Marking Nat Turner sites; Emmet Till historic marker desecrated; Trump gets some Civil War history; The contested Election of 1876; 25 creepy archeological discoveries

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More on Nat Turner: As I noted a few days ago, there are efforts underway (although they are moving painfully slow) to help tourists locate and interpret sites associated with the 1831 slave rebellion in Southampton County, Virginia. Over on Daily Beast, Kevin Levin digs into the racial divide and politics involved with the project, which should come as no surprise considering the moral complexities of the event. (Sadly, Nate Parker’s film glossed over those complexities).

Speaking of roadside history tourism: Did you see the story over the weekend about the fact that a historical marker/sign at the site where Emmet Till’s body was found has been riddled with gun shots? Disgusting. But it is nothing new, the sign has been repeatedly vandalized since it went up in 2007. One has to wonder what might happen to the new Nat Turner markers once they go up.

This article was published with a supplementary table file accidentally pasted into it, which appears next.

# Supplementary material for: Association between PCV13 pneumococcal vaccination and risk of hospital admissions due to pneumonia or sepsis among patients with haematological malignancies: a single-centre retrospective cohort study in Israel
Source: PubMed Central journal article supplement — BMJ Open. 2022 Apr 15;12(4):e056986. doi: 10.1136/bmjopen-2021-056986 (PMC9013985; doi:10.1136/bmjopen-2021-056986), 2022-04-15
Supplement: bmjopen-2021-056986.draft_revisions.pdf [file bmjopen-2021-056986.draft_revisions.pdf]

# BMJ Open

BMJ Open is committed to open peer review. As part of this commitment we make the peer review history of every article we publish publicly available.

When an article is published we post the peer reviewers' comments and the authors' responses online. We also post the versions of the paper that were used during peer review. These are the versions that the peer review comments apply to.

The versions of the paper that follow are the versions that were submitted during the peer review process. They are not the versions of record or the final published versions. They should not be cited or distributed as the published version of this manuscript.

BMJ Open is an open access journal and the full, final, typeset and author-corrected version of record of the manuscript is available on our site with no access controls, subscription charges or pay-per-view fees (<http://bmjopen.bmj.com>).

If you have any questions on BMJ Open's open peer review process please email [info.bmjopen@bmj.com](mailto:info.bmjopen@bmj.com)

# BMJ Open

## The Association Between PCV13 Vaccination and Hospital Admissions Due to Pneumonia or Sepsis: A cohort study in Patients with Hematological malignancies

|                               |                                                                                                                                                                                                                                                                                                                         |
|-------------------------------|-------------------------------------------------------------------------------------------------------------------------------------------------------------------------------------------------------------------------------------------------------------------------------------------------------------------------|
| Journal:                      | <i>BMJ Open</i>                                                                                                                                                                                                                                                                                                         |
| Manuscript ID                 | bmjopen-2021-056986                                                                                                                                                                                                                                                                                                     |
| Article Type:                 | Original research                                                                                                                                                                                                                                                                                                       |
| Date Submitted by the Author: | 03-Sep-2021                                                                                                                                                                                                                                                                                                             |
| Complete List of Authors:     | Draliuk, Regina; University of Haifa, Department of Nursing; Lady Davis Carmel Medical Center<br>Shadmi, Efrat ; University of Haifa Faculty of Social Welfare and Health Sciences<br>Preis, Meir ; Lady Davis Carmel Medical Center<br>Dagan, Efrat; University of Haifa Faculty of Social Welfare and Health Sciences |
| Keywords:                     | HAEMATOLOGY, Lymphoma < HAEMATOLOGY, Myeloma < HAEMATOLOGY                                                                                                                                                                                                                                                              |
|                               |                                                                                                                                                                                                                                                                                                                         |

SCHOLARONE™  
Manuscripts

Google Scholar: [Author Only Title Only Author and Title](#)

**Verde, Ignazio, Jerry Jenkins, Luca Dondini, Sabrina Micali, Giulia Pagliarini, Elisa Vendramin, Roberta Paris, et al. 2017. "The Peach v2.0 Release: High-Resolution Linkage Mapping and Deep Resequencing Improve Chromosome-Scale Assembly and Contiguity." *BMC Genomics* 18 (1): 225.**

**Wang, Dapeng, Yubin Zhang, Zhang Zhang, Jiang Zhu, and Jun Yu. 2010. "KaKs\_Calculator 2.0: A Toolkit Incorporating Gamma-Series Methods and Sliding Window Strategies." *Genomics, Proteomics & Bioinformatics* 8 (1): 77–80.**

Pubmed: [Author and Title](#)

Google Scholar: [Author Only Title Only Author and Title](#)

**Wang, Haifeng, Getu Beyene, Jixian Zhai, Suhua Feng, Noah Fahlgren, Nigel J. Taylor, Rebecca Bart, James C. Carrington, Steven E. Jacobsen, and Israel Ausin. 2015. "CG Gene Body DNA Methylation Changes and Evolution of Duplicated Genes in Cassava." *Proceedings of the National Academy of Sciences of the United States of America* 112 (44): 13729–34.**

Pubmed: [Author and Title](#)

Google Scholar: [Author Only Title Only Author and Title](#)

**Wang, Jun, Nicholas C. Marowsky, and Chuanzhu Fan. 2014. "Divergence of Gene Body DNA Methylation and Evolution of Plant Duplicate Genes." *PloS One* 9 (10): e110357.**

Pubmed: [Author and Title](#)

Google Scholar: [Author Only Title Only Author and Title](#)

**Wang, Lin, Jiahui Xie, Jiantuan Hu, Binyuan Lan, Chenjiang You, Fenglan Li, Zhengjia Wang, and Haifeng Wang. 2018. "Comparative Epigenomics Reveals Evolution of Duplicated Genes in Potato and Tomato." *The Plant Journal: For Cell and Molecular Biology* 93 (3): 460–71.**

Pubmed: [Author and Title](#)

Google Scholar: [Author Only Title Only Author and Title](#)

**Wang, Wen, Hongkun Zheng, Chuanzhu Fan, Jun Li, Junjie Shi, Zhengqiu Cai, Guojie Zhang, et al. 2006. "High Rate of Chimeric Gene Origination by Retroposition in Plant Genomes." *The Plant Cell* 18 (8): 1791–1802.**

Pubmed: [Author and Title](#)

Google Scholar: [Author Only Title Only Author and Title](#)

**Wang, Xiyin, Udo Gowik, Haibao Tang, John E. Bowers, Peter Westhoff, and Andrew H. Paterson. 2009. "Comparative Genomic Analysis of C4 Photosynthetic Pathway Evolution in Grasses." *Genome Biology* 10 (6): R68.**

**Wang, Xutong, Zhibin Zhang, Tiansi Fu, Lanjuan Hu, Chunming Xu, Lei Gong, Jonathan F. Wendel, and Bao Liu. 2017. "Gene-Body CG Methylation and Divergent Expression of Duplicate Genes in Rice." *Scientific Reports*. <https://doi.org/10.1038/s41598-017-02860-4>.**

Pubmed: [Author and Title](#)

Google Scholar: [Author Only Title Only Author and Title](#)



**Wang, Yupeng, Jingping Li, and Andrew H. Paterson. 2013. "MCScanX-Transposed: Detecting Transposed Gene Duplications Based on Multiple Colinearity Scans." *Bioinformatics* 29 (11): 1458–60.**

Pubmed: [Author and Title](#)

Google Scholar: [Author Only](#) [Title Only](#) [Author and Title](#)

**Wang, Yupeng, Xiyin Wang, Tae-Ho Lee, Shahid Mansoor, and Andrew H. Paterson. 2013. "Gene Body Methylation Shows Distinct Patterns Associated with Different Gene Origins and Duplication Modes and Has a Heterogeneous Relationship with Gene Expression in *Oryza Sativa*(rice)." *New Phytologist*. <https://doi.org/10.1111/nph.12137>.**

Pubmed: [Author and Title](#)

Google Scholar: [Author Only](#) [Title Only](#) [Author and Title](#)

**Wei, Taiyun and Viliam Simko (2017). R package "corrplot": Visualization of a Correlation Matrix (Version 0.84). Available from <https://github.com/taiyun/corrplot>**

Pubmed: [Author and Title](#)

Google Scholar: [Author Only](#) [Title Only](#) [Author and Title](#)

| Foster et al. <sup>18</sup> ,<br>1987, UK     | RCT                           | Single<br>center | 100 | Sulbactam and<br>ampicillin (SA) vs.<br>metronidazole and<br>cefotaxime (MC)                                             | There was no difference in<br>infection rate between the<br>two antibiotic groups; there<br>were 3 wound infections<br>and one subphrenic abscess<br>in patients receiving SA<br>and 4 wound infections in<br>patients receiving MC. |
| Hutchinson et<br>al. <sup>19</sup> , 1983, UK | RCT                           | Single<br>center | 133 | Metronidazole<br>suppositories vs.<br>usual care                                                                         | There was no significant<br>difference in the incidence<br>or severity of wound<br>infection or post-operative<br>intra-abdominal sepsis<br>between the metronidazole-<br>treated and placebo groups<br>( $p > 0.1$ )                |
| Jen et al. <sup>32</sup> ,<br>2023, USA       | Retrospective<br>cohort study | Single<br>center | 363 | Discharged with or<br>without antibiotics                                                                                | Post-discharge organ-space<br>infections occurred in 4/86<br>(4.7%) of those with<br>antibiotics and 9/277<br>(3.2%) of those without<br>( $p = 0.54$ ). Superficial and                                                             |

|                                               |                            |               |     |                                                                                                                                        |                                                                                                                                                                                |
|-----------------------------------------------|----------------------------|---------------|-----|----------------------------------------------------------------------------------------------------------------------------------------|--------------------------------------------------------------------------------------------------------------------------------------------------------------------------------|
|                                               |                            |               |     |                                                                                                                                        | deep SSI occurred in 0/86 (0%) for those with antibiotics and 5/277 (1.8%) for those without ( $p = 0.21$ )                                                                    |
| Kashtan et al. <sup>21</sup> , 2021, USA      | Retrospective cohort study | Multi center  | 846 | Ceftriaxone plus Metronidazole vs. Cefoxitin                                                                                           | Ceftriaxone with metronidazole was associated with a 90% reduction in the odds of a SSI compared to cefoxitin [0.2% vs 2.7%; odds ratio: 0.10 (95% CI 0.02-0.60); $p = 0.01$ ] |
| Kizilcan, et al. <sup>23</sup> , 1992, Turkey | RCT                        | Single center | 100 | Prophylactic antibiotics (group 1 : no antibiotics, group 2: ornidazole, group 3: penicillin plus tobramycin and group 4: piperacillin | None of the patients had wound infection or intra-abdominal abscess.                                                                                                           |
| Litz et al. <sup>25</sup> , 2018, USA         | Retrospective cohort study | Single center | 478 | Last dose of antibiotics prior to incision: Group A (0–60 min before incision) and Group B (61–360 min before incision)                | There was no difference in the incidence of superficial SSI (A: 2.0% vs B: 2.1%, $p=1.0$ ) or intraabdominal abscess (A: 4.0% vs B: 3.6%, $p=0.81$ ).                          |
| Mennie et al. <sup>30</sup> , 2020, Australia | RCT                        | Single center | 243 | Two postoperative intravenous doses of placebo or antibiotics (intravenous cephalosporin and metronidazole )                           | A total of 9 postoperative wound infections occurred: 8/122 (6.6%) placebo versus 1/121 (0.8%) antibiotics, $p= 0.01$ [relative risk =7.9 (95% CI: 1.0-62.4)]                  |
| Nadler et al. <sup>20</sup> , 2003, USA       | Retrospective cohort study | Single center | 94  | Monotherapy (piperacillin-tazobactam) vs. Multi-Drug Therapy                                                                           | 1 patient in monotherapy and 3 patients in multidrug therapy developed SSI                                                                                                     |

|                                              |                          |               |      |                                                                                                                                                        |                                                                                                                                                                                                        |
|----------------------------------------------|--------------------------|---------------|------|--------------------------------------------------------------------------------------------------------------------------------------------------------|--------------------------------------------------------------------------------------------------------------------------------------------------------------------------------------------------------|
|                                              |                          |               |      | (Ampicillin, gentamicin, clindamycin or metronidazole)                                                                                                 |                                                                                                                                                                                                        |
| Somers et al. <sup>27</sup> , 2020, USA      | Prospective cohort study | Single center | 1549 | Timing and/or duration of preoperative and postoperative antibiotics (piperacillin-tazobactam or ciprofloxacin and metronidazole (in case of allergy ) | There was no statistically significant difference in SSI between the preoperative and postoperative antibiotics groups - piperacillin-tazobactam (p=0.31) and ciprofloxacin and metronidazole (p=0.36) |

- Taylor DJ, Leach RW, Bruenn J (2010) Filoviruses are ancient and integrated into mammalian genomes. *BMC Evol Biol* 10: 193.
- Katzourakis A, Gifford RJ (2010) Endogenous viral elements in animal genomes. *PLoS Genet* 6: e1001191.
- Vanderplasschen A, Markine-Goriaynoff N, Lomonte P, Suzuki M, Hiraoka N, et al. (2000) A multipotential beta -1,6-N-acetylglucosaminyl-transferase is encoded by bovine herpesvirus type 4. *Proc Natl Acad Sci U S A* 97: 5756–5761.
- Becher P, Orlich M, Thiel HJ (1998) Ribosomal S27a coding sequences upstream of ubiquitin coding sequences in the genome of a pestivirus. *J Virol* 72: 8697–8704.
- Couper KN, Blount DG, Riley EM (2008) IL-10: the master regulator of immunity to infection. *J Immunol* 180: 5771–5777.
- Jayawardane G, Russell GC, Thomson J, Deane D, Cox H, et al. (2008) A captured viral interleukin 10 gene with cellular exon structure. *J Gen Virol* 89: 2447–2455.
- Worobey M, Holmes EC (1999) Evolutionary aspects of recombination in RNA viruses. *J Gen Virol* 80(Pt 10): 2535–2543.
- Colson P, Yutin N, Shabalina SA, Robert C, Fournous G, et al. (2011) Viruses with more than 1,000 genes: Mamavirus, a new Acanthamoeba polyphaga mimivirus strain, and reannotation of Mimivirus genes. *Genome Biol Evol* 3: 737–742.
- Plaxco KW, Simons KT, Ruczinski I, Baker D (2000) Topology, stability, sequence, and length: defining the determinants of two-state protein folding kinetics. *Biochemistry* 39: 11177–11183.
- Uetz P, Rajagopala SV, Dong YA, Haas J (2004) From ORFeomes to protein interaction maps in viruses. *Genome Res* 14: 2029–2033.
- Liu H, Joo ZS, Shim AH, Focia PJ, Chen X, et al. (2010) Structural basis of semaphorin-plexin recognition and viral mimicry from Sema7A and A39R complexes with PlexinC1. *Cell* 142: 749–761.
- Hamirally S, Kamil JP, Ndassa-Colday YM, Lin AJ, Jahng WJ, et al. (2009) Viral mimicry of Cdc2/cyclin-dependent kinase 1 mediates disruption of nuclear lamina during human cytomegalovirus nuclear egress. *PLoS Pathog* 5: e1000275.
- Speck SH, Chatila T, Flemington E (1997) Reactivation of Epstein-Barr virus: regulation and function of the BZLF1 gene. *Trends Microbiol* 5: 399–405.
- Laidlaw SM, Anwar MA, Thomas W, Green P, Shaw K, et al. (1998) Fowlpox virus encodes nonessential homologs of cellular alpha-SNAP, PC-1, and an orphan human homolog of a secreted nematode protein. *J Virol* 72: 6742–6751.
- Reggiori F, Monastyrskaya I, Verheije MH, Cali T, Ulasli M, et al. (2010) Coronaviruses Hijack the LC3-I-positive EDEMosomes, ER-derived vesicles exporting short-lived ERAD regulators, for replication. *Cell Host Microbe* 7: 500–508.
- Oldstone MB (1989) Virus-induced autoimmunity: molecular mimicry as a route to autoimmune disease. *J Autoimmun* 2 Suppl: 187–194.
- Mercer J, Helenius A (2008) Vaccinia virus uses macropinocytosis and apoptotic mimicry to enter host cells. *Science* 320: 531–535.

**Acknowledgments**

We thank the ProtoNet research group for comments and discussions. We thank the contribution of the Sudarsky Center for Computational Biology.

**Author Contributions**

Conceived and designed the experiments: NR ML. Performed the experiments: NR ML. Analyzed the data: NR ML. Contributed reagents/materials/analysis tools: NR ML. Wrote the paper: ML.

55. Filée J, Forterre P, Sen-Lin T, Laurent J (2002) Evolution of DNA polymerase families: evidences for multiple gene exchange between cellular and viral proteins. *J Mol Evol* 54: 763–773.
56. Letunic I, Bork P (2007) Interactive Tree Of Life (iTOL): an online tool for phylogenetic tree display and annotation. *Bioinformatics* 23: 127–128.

So Trump was campaigning in Gettysburg and in Virginia over the weekend, and it seems he got a little Civil War history in both places. Thankfully, his lesson in Gettysburg came from an NPS ranger. Unfortunately, in Virginia it came from State Senator Frank Wagner, who tried to make a connection between Trump’s campaign and the odds facing Robert E. Lee at the Battle of the Wilderness. Strange choice.

The other day I complained about the fact that after the last debate, the media did not put Trump’s comments about a rigged election into solid historical context. Instead, they climbed all over themselves to be outraged by what they described as an unprecedented challenge to the democratic election process. Journalists and all those talking heads need more historical knowledge before they prattle on about much of what they talk about, and this was a perfect example. Anyway, History News Network has an article up today in which Professor Matthew E. Stanley puts Trump, his supporters, and right-wing extremist organizations into historical context by examining the presidential election of 1876.

Well, we already know one thing for sure about the World Series before it even begins: It’ll make history.

And for my Halloween season posting for today: the folks at Livescience have put together a photo essay on 25 archeological discoveries “that give us the creeps.” Its a freaky list, and includes vampire burials, a pit with various severed body parts from men, women, and children tossed together, witches, a mummified lung, shackled corpses, evidence of cannibalism in the Canadian arctic, and various other macabre.

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